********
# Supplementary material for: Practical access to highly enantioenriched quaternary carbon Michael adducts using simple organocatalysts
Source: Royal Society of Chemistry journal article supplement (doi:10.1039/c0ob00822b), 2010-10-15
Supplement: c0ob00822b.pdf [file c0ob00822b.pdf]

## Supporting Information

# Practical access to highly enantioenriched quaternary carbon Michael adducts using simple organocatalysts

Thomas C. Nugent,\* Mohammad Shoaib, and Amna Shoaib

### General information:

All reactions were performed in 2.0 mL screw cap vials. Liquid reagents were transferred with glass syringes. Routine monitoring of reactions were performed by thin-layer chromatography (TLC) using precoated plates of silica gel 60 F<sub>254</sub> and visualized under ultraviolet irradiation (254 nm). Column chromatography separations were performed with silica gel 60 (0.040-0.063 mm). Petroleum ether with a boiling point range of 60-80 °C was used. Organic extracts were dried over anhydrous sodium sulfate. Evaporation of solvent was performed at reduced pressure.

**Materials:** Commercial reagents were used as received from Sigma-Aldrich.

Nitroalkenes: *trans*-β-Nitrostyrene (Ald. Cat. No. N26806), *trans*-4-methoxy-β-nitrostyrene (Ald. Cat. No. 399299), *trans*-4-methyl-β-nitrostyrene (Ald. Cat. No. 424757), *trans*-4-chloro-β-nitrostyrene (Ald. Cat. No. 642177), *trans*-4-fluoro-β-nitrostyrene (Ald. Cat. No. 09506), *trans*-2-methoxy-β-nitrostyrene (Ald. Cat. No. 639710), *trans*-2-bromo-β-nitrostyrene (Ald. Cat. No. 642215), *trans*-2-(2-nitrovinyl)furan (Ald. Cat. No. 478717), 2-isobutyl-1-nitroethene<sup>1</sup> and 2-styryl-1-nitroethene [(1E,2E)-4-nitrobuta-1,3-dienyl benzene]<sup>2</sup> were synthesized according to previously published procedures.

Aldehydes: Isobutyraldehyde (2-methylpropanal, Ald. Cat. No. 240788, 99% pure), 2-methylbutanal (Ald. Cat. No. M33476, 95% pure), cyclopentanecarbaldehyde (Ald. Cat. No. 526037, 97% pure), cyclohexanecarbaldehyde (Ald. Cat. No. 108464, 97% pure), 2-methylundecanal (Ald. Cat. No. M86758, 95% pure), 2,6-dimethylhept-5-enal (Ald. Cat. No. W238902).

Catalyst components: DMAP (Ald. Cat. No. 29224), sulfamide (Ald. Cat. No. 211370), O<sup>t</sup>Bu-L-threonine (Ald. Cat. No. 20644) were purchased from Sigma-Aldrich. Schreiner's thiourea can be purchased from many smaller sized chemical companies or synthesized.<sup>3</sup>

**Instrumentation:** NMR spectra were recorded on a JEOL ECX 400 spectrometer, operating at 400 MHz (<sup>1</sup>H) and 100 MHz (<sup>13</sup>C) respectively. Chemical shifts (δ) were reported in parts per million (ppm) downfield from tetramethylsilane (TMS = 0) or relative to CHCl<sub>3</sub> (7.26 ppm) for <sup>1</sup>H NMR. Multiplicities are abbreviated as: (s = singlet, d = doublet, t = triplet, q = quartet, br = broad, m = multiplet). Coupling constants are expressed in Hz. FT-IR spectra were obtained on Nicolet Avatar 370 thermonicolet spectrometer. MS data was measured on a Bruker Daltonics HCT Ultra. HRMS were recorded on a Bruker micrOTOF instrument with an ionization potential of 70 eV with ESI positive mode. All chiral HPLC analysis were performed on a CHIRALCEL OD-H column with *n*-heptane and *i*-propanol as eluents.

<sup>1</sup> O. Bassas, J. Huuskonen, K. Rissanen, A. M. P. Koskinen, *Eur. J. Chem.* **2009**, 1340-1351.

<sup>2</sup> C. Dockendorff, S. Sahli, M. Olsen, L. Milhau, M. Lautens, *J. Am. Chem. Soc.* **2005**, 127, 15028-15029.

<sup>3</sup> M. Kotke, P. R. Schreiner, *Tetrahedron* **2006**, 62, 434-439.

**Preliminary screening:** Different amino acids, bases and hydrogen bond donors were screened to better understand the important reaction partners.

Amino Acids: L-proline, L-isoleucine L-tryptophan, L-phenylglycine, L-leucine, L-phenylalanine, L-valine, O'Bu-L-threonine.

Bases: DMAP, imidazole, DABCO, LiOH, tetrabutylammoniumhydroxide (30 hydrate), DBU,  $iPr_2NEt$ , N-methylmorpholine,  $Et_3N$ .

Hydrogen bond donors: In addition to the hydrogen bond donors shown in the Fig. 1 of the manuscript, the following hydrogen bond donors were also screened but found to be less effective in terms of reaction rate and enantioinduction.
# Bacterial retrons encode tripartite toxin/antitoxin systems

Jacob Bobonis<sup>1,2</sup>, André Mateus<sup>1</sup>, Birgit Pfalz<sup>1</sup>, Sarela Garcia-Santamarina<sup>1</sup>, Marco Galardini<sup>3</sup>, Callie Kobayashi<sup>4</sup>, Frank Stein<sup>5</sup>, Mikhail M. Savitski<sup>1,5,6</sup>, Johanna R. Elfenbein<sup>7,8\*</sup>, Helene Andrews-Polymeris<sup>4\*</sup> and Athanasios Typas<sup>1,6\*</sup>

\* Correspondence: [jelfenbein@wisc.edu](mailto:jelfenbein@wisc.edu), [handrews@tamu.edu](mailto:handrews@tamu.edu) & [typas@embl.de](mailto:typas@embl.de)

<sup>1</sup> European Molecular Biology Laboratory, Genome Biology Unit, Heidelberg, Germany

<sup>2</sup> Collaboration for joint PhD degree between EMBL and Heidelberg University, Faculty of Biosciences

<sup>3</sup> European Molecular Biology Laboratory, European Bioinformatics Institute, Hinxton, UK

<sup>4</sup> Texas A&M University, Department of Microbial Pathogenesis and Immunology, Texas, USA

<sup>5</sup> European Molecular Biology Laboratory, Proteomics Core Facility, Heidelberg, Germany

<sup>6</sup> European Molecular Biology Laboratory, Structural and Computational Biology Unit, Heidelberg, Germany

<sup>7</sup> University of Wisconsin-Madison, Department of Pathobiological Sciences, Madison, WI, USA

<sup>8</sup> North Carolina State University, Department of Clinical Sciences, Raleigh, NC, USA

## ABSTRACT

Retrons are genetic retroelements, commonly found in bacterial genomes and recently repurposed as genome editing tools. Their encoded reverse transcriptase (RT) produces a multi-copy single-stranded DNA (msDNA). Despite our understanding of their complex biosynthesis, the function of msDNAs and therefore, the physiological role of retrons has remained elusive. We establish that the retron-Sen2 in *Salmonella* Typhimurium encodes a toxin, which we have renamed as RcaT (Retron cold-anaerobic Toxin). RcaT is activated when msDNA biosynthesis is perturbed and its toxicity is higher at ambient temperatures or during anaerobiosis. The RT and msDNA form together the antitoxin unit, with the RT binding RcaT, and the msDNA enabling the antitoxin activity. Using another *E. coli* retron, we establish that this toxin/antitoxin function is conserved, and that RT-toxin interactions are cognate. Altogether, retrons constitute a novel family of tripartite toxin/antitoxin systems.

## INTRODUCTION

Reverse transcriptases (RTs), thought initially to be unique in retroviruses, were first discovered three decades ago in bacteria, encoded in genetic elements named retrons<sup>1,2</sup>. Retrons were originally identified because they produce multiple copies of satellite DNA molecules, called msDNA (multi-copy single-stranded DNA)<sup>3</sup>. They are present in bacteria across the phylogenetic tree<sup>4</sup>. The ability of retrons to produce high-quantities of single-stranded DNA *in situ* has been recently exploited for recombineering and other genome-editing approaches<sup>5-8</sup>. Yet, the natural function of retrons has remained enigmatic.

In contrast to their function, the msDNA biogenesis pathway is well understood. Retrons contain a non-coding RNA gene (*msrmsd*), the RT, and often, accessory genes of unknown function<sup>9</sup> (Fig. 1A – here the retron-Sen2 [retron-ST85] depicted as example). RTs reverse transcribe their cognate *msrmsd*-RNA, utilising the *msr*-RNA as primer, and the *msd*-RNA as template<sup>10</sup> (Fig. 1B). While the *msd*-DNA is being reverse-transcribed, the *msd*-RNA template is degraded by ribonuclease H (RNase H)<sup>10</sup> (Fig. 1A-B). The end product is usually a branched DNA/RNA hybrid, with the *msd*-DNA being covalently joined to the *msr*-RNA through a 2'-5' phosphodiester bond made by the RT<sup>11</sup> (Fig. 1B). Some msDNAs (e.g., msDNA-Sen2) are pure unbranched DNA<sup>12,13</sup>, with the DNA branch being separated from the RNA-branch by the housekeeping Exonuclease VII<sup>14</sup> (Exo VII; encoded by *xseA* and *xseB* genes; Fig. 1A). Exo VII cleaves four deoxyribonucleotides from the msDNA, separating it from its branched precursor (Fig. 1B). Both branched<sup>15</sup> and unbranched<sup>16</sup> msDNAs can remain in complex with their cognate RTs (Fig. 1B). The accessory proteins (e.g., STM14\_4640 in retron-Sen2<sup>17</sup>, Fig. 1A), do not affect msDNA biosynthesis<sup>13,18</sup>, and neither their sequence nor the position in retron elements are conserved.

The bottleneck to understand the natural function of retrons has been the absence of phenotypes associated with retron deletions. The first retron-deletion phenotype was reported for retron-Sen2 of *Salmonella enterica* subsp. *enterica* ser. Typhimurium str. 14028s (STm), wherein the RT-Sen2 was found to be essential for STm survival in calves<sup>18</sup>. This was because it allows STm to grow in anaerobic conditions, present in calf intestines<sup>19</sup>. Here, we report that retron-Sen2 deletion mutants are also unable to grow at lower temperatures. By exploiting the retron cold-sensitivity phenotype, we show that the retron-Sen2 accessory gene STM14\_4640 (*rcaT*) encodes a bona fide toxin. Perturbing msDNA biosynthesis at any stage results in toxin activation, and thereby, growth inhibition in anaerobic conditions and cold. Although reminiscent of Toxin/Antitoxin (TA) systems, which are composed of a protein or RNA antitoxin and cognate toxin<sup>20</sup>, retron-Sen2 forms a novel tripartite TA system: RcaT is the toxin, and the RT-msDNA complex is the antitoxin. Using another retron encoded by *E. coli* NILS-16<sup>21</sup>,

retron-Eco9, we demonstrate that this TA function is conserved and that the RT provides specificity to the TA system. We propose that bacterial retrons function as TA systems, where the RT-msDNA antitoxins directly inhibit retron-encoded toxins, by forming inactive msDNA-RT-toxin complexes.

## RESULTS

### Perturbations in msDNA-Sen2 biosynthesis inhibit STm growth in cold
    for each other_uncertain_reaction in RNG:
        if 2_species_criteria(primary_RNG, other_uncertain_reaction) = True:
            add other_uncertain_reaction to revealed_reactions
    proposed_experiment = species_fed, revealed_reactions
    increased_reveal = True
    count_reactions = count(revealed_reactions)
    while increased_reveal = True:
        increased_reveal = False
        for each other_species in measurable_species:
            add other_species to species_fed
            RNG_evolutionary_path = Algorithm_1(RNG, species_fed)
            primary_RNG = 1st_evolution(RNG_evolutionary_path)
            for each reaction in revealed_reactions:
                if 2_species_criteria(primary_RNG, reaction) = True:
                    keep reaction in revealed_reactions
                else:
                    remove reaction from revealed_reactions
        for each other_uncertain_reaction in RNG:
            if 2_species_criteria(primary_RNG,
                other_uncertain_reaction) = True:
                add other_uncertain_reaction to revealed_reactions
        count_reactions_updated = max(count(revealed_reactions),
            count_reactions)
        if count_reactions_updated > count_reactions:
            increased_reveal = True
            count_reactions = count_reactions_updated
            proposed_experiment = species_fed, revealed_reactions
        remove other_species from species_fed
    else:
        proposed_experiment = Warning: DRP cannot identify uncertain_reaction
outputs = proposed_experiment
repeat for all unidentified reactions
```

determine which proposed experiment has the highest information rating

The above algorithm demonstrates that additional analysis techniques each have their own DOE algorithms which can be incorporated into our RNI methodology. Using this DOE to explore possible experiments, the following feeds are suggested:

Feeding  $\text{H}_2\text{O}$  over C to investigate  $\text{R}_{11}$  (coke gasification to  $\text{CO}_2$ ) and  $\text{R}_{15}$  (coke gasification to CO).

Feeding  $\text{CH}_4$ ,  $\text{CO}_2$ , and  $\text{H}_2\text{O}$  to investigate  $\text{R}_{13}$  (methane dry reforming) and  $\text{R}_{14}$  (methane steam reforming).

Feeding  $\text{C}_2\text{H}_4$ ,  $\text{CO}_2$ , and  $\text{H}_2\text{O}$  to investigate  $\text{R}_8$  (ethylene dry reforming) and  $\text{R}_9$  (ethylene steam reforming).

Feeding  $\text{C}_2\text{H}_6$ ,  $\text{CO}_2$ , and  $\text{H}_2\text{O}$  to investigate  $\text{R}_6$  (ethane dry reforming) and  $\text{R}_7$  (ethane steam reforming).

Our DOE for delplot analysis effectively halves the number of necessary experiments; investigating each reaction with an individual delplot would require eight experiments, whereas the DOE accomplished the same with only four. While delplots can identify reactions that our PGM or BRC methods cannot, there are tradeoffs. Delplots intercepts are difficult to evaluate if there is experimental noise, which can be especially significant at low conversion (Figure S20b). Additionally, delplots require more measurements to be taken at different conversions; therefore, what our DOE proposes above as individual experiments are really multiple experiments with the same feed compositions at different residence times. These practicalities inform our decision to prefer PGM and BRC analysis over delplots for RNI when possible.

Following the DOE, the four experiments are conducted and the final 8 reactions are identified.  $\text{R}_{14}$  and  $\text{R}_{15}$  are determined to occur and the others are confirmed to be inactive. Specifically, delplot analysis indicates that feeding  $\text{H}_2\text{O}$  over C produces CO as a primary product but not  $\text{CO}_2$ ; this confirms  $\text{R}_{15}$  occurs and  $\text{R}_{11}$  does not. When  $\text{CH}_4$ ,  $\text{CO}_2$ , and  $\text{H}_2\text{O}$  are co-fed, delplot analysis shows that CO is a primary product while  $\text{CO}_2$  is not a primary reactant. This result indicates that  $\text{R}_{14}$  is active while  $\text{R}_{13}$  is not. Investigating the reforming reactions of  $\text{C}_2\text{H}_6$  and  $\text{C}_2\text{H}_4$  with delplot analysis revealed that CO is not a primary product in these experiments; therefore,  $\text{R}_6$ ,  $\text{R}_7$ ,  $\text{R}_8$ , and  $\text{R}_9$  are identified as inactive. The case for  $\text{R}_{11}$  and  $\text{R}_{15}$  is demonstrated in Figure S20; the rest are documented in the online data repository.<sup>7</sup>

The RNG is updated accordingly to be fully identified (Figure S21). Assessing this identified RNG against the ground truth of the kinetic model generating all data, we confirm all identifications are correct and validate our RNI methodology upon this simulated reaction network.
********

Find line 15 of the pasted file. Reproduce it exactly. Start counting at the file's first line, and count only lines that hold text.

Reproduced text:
<sup>2</sup> C. Dockendorff, S. Sahli, M. Olsen, L. Milhau, M. Lautens, *J. Am. Chem. Soc.* **2005**, 127, 15028-15029.